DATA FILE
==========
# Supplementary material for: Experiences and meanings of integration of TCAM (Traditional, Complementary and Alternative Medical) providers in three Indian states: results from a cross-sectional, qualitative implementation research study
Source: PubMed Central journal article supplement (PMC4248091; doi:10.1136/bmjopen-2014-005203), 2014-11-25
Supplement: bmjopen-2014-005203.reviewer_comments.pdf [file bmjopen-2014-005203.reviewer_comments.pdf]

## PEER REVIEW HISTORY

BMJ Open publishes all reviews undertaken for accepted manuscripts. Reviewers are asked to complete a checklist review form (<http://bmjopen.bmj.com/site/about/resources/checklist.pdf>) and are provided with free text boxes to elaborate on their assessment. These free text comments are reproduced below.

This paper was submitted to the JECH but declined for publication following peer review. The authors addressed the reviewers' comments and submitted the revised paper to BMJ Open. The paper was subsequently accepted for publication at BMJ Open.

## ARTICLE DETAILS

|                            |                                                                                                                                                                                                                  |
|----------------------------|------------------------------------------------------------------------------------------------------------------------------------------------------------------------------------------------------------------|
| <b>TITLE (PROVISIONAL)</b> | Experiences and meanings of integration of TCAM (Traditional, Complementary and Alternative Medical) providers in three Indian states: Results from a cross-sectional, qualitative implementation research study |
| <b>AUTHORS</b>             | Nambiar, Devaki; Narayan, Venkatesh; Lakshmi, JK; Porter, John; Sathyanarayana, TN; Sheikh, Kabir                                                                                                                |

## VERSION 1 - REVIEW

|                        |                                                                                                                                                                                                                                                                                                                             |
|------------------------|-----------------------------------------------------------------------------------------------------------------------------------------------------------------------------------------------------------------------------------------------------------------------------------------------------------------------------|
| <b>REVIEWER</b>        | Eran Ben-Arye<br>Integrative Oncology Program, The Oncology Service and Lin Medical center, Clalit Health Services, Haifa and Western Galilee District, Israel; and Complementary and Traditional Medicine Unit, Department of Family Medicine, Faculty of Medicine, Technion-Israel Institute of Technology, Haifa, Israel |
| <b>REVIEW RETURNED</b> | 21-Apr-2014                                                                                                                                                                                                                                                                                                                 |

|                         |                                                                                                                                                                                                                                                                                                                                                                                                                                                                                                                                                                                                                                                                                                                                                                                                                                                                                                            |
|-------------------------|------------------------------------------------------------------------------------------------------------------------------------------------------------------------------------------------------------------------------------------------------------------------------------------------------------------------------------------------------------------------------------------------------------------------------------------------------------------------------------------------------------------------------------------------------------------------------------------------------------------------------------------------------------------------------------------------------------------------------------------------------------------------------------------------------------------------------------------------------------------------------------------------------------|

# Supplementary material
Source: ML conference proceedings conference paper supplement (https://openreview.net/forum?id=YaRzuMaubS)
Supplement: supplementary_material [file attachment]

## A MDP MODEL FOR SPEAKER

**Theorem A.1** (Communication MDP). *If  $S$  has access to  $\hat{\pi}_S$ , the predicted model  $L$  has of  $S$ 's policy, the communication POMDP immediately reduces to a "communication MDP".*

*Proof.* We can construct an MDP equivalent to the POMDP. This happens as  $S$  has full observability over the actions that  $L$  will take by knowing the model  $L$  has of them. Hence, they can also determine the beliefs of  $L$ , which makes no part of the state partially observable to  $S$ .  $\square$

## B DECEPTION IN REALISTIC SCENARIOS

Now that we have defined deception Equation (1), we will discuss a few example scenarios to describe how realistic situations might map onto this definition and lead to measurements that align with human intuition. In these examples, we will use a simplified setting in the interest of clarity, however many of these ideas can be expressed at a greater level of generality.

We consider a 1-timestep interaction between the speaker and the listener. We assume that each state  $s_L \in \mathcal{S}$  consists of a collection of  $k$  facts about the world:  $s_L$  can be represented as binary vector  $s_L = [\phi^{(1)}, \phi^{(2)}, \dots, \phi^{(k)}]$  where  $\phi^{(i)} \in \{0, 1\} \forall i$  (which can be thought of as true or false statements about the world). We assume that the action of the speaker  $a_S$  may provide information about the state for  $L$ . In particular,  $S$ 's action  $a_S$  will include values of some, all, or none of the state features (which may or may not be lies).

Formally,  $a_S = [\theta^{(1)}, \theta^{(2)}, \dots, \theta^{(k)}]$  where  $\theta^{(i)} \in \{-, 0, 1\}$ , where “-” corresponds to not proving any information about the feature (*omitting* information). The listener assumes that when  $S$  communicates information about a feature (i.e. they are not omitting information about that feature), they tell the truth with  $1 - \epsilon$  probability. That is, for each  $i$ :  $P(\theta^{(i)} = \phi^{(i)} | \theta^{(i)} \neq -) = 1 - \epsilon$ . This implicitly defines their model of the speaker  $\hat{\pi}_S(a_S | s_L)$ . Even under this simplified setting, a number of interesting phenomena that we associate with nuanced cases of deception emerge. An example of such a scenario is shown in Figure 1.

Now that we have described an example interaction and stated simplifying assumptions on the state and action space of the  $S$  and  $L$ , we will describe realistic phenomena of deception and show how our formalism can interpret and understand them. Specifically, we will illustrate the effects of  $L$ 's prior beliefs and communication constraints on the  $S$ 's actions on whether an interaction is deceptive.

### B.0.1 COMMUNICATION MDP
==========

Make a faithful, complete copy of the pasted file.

# Supplementary material for: Experiences and meanings of integration of TCAM (Traditional, Complementary and Alternative Medical) providers in three Indian states: results from a cross-sectional, qualitative implementation research study
Source: PubMed Central journal article supplement (PMC4248091; doi:10.1136/bmjopen-2014-005203), 2014-11-25
Supplement: bmjopen-2014-005203.reviewer_comments.pdf [file bmjopen-2014-005203.reviewer_comments.pdf]

## PEER REVIEW HISTORY

BMJ Open publishes all reviews undertaken for accepted manuscripts. Reviewers are asked to complete a checklist review form (<http://bmjopen.bmj.com/site/about/resources/checklist.pdf>) and are provided with free text boxes to elaborate on their assessment. These free text comments are reproduced below.

This paper was submitted to the JECH but declined for publication following peer review. The authors addressed the reviewers' comments and submitted the revised paper to BMJ Open. The paper was subsequently accepted for publication at BMJ Open.

## ARTICLE DETAILS

|                            |                                                                                                                                                                                                                  |
|----------------------------|------------------------------------------------------------------------------------------------------------------------------------------------------------------------------------------------------------------|
| <b>TITLE (PROVISIONAL)</b> | Experiences and meanings of integration of TCAM (Traditional, Complementary and Alternative Medical) providers in three Indian states: Results from a cross-sectional, qualitative implementation research study |
| <b>AUTHORS</b>             | Nambiar, Devaki; Narayan, Venkatesh; Lakshmi, JK; Porter, John; Sathyanarayana, TN; Sheikh, Kabir                                                                                                                |

## VERSION 1 - REVIEW

|                        |                                                                                                                                                                                                                                                                                                                             |
|------------------------|-----------------------------------------------------------------------------------------------------------------------------------------------------------------------------------------------------------------------------------------------------------------------------------------------------------------------------|
| <b>REVIEWER</b>        | Eran Ben-Arye<br>Integrative Oncology Program, The Oncology Service and Lin Medical center, Clalit Health Services, Haifa and Western Galilee District, Israel; and Complementary and Traditional Medicine Unit, Department of Family Medicine, Faculty of Medicine, Technion-Israel Institute of Technology, Haifa, Israel |
| <b>REVIEW RETURNED</b> | 21-Apr-2014                                                                                                                                                                                                                                                                                                                 |

|                         |                                                                                                                                                                                                                                                                                                                                                                                                                                                                                                                                                                                                                                                                                                                                                                                                                                                                                                            |
|-------------------------|------------------------------------------------------------------------------------------------------------------------------------------------------------------------------------------------------------------------------------------------------------------------------------------------------------------------------------------------------------------------------------------------------------------------------------------------------------------------------------------------------------------------------------------------------------------------------------------------------------------------------------------------------------------------------------------------------------------------------------------------------------------------------------------------------------------------------------------------------------------------------------------------------------|

# Supplementary material
Source: ML conference proceedings conference paper supplement (https://openreview.net/forum?id=YaRzuMaubS)
Supplement: supplementary_material [file attachment]

## A MDP MODEL FOR SPEAKER

**Theorem A.1** (Communication MDP). *If  $S$  has access to  $\hat{\pi}_S$ , the predicted model  $L$  has of  $S$ 's policy, the communication POMDP immediately reduces to a "communication MDP".*

*Proof.* We can construct an MDP equivalent to the POMDP. This happens as  $S$  has full observability over the actions that  $L$  will take by knowing the model  $L$  has of them. Hence, they can also determine the beliefs of  $L$ , which makes no part of the state partially observable to  $S$ .  $\square$

## B DECEPTION IN REALISTIC SCENARIOS

Now that we have defined deception Equation (1), we will discuss a few example scenarios to describe how realistic situations might map onto this definition and lead to measurements that align with human intuition. In these examples, we will use a simplified setting in the interest of clarity, however many of these ideas can be expressed at a greater level of generality.

We consider a 1-timestep interaction between the speaker and the listener. We assume that each state  $s_L \in \mathcal{S}$  consists of a collection of  $k$  facts about the world:  $s_L$  can be represented as binary vector  $s_L = [\phi^{(1)}, \phi^{(2)}, \dots, \phi^{(k)}]$  where  $\phi^{(i)} \in \{0, 1\} \forall i$  (which can be thought of as true or false statements about the world). We assume that the action of the speaker  $a_S$  may provide information about the state for  $L$ . In particular,  $S$ 's action  $a_S$  will include values of some, all, or none of the state features (which may or may not be lies).

Formally,  $a_S = [\theta^{(1)}, \theta^{(2)}, \dots, \theta^{(k)}]$  where  $\theta^{(i)} \in \{-, 0, 1\}$ , where “-” corresponds to not proving any information about the feature (*omitting* information). The listener assumes that when  $S$  communicates information about a feature (i.e. they are not omitting information about that feature), they tell the truth with  $1 - \epsilon$  probability. That is, for each  $i$ :  $P(\theta^{(i)} = \phi^{(i)} | \theta^{(i)} \neq -) = 1 - \epsilon$ . This implicitly defines their model of the speaker  $\hat{\pi}_S(a_S | s_L)$ . Even under this simplified setting, a number of interesting phenomena that we associate with nuanced cases of deception emerge. An example of such a scenario is shown in Figure 1.

Now that we have described an example interaction and stated simplifying assumptions on the state and action space of the  $S$  and  $L$ , we will describe realistic phenomena of deception and show how our formalism can interpret and understand them. Specifically, we will illustrate the effects of  $L$ 's prior beliefs and communication constraints on the  $S$ 's actions on whether an interaction is deceptive.

### B.0.1 COMMUNICATION MDP